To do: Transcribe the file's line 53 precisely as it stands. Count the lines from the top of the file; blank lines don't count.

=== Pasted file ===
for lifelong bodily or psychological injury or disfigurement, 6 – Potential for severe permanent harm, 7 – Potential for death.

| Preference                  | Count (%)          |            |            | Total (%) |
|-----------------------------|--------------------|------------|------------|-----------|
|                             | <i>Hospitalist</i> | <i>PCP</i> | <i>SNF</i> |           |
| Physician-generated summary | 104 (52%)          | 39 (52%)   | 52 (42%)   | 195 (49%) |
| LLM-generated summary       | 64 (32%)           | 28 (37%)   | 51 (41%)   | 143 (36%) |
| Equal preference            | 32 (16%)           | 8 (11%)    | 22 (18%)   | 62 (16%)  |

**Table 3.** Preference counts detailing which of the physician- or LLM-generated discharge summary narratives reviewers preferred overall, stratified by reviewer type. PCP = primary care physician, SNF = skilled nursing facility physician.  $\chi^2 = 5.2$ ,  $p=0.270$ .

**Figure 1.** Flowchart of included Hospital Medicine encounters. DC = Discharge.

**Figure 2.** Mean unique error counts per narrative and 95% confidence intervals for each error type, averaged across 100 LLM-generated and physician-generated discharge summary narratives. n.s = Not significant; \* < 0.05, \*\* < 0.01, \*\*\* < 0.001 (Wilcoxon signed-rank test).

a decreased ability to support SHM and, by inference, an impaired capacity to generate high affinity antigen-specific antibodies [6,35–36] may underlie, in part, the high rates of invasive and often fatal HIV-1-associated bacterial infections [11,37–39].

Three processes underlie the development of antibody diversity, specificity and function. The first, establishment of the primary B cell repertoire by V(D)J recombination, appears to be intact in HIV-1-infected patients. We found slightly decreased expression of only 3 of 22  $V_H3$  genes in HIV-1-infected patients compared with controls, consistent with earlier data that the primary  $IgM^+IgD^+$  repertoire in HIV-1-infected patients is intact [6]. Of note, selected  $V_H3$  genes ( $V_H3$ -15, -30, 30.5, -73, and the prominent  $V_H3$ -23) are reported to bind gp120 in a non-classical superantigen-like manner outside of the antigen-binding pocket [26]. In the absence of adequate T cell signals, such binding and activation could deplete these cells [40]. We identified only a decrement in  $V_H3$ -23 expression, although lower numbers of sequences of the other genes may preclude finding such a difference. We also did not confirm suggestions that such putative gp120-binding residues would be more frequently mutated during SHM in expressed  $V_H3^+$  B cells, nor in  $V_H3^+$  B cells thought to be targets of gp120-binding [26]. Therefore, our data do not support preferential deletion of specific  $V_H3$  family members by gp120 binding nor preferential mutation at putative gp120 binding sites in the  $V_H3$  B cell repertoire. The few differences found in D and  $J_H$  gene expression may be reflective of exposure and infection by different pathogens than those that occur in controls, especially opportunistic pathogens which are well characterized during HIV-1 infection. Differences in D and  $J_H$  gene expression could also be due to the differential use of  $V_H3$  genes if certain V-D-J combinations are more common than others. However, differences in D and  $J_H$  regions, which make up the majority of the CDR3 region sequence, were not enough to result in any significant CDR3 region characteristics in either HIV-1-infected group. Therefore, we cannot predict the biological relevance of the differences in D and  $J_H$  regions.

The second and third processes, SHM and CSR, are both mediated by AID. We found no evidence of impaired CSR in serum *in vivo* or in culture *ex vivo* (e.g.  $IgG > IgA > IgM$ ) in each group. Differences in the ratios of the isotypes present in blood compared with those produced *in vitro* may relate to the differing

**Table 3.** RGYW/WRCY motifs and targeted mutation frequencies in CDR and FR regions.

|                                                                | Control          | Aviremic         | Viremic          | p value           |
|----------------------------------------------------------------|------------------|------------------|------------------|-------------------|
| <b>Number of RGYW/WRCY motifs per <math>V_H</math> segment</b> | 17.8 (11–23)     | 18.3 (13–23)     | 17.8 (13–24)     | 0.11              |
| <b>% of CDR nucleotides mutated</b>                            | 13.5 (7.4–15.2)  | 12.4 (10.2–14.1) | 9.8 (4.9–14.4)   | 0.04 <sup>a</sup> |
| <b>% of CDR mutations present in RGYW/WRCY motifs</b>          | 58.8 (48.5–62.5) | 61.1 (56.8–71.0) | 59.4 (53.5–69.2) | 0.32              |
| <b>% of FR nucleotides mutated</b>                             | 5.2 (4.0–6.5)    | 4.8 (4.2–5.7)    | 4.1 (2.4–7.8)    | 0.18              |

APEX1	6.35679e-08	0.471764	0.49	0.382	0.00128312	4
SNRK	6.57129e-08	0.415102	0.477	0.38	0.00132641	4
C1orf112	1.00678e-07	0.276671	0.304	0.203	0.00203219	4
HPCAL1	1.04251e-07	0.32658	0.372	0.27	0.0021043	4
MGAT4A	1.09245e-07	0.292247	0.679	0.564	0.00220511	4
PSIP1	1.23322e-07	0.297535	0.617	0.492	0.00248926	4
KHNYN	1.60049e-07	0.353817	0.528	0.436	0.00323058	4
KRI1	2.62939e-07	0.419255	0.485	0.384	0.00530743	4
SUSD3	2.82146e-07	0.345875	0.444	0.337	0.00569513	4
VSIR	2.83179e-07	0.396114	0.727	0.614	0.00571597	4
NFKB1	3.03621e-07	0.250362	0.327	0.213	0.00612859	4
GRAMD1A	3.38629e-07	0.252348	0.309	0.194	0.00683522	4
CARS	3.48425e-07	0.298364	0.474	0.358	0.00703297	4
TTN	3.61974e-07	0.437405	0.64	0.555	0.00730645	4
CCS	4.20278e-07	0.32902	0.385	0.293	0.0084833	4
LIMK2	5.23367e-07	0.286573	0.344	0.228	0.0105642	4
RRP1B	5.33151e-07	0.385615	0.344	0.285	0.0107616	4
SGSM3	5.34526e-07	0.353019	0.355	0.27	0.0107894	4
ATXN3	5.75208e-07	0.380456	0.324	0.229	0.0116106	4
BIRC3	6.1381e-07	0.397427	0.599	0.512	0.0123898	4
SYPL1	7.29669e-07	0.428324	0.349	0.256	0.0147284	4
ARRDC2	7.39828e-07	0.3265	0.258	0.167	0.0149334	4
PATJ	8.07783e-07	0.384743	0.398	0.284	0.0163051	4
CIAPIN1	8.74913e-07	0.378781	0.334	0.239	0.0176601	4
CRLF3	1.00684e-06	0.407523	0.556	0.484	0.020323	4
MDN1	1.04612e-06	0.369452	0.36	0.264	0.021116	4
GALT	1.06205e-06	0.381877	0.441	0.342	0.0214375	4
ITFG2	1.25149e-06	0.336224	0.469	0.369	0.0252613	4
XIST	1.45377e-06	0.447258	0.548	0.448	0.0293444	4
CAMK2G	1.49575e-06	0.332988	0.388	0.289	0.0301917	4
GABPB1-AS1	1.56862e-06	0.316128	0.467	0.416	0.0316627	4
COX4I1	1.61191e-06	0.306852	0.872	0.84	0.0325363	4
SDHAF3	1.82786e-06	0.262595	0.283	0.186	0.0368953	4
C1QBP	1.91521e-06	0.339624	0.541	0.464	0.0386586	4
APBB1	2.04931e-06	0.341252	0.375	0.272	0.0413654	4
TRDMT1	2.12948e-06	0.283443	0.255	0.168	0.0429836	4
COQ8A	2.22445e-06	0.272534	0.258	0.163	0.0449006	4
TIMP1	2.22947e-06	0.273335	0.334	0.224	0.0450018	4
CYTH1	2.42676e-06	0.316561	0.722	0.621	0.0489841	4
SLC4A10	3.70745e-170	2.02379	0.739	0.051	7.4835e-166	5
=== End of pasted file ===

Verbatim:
SDHAF3	1.82786e-06	0.262595	0.283	0.186	0.0368953	4